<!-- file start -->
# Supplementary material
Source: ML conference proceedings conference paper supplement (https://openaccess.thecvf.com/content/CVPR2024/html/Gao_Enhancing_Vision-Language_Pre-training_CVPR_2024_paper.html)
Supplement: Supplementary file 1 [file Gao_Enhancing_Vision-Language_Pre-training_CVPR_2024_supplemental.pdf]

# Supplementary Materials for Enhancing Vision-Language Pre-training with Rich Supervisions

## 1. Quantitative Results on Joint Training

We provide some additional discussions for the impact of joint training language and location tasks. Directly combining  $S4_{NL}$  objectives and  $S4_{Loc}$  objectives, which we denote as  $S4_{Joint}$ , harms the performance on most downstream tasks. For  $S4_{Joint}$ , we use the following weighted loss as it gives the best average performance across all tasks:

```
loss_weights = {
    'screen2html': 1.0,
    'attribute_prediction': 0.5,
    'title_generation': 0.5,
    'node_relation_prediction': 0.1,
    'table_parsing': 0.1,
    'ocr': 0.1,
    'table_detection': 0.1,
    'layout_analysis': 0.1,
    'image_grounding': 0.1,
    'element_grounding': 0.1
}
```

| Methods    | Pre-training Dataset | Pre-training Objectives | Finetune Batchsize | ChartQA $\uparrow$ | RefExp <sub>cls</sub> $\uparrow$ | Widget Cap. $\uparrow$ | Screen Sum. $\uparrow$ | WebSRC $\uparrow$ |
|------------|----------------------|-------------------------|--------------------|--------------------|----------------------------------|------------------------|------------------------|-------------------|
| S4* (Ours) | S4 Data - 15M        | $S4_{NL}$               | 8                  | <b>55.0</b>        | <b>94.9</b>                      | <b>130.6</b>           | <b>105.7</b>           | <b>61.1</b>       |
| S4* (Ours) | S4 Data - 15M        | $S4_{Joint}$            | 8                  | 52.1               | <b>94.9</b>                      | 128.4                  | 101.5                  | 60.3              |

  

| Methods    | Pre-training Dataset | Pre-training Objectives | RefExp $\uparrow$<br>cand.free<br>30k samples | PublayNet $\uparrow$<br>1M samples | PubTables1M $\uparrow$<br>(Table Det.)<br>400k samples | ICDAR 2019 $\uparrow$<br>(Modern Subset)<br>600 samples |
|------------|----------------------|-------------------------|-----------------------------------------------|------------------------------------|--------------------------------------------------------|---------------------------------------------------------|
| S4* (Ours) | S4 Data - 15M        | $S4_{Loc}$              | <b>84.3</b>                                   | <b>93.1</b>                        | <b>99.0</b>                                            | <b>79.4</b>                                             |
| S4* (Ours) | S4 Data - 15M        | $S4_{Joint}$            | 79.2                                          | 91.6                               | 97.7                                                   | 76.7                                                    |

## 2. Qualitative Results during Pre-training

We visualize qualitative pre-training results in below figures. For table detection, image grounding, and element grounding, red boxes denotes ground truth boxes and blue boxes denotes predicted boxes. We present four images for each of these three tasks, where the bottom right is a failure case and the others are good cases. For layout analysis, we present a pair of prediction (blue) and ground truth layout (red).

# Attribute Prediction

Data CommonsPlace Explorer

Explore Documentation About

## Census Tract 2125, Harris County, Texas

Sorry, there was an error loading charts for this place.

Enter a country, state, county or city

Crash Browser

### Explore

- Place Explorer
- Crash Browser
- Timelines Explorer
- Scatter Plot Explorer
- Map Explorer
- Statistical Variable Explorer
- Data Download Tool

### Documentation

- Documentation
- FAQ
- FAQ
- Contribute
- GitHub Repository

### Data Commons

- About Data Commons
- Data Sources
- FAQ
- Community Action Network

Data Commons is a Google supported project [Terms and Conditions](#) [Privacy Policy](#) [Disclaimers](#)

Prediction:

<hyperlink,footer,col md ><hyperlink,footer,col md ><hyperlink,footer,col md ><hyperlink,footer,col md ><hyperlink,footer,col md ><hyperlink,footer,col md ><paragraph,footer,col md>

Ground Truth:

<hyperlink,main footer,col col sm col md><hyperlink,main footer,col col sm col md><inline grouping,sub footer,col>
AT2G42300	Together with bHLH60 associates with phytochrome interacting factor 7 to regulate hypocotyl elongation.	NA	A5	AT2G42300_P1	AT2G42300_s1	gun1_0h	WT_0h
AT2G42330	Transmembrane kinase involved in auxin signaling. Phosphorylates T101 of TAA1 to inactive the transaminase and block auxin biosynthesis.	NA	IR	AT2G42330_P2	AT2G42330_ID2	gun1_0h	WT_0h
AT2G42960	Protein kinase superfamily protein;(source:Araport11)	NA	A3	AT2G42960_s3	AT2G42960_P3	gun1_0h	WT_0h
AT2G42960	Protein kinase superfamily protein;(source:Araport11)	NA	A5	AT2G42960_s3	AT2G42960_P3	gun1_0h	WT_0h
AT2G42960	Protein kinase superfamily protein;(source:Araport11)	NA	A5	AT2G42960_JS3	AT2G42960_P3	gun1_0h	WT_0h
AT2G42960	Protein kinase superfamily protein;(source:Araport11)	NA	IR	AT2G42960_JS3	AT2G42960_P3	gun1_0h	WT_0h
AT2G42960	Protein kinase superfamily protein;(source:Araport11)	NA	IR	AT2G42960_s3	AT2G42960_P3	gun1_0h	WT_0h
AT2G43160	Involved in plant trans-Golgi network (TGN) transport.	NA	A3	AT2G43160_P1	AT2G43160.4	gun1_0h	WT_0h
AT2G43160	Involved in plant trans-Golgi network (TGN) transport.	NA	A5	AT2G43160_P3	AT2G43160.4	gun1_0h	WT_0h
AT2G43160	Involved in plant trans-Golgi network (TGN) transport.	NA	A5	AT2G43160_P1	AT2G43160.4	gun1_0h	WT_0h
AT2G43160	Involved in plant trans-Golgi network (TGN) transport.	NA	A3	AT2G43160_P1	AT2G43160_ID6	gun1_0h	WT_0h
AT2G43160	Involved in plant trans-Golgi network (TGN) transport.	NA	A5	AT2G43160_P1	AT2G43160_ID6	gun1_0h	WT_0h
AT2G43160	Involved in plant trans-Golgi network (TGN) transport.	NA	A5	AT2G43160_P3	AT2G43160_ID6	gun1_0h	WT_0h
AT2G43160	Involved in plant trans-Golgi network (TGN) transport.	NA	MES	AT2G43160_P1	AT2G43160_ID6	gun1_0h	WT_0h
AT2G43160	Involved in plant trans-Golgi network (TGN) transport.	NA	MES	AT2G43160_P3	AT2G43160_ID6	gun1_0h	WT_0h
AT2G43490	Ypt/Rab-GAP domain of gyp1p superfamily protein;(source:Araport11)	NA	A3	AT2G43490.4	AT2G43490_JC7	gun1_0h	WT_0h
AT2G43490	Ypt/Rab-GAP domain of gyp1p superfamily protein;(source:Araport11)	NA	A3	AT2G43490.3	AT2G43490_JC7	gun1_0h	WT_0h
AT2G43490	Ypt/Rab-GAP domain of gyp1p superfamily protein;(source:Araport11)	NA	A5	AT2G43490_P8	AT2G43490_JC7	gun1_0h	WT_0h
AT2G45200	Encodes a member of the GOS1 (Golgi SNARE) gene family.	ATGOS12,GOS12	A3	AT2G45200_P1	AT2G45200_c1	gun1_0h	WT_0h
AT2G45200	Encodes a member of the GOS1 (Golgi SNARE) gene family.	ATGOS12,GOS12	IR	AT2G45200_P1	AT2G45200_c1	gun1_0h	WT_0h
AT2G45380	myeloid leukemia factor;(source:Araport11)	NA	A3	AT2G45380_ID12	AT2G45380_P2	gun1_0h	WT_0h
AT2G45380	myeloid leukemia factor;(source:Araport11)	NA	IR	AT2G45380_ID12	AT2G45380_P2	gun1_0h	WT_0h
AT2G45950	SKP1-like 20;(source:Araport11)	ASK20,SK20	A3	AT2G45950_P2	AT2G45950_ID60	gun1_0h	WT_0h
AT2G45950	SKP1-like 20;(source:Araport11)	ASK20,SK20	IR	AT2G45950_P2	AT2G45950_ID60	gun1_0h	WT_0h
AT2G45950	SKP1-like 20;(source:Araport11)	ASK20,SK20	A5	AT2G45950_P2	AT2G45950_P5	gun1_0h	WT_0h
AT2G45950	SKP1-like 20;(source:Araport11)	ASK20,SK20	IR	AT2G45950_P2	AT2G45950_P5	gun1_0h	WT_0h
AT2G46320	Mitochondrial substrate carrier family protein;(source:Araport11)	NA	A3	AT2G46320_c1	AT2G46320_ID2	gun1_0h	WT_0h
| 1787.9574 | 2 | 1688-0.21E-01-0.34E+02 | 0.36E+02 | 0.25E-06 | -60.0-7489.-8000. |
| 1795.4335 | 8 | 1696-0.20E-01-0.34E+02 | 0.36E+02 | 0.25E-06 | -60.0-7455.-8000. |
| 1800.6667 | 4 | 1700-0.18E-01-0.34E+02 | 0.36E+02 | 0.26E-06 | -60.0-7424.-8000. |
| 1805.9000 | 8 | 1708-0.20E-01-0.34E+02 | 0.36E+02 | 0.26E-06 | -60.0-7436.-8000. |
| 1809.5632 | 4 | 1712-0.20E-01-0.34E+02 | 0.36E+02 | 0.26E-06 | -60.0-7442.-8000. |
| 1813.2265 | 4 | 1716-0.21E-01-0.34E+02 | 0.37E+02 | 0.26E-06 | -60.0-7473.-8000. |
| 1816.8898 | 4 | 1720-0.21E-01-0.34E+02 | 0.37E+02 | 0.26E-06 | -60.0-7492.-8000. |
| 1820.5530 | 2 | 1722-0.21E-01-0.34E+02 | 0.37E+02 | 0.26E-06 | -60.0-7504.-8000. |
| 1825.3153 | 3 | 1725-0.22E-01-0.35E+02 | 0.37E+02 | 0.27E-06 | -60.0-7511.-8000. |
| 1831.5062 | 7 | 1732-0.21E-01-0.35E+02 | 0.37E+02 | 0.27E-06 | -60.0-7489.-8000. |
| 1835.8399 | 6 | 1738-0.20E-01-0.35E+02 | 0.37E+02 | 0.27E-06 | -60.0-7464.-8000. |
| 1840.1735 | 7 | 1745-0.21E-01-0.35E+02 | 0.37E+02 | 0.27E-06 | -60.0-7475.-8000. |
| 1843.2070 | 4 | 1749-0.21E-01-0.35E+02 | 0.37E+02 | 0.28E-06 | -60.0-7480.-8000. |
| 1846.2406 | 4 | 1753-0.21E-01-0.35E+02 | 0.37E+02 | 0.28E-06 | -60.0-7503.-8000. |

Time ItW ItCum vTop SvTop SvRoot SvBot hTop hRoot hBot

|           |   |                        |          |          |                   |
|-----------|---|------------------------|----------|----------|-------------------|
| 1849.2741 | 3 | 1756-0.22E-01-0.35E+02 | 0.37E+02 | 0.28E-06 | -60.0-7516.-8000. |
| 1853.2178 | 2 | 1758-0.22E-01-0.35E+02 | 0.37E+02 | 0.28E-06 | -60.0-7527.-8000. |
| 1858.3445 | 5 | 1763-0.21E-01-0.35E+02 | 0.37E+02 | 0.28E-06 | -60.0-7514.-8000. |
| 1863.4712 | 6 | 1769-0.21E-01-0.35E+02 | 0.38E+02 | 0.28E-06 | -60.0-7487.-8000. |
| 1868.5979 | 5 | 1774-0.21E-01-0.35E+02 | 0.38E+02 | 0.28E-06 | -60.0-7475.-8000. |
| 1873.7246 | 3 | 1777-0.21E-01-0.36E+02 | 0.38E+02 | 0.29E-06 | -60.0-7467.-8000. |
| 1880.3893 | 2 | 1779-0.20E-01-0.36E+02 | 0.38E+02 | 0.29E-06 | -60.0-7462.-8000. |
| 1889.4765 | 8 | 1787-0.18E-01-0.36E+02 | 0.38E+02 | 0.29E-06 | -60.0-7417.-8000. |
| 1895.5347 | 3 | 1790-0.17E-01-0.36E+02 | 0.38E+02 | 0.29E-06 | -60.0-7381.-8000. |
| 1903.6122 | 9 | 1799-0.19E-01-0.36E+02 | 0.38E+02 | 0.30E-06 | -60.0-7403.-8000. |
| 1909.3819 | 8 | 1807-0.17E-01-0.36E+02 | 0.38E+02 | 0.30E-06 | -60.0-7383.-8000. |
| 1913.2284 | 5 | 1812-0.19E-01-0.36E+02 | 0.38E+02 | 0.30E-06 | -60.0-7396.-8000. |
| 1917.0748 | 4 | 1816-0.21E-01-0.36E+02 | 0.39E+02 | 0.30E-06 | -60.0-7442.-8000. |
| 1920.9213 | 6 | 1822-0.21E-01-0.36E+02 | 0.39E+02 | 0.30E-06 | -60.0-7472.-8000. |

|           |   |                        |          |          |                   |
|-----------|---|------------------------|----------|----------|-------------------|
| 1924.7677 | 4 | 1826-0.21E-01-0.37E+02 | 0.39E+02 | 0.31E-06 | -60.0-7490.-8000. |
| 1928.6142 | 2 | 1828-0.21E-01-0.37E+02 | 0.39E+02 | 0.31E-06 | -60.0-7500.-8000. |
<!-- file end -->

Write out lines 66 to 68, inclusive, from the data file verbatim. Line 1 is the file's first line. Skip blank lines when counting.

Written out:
AT2G42960	Protein kinase superfamily protein;(source:Araport11)	NA	A5	AT2G42960_JS3	AT2G42960_P3	gun1_0h	WT_0h
AT2G42960	Protein kinase superfamily protein;(source:Araport11)	NA	IR	AT2G42960_JS3	AT2G42960_P3	gun1_0h	WT_0h
AT2G42960	Protein kinase superfamily protein;(source:Araport11)	NA	IR	AT2G42960_s3	AT2G42960_P3	gun1_0h	WT_0h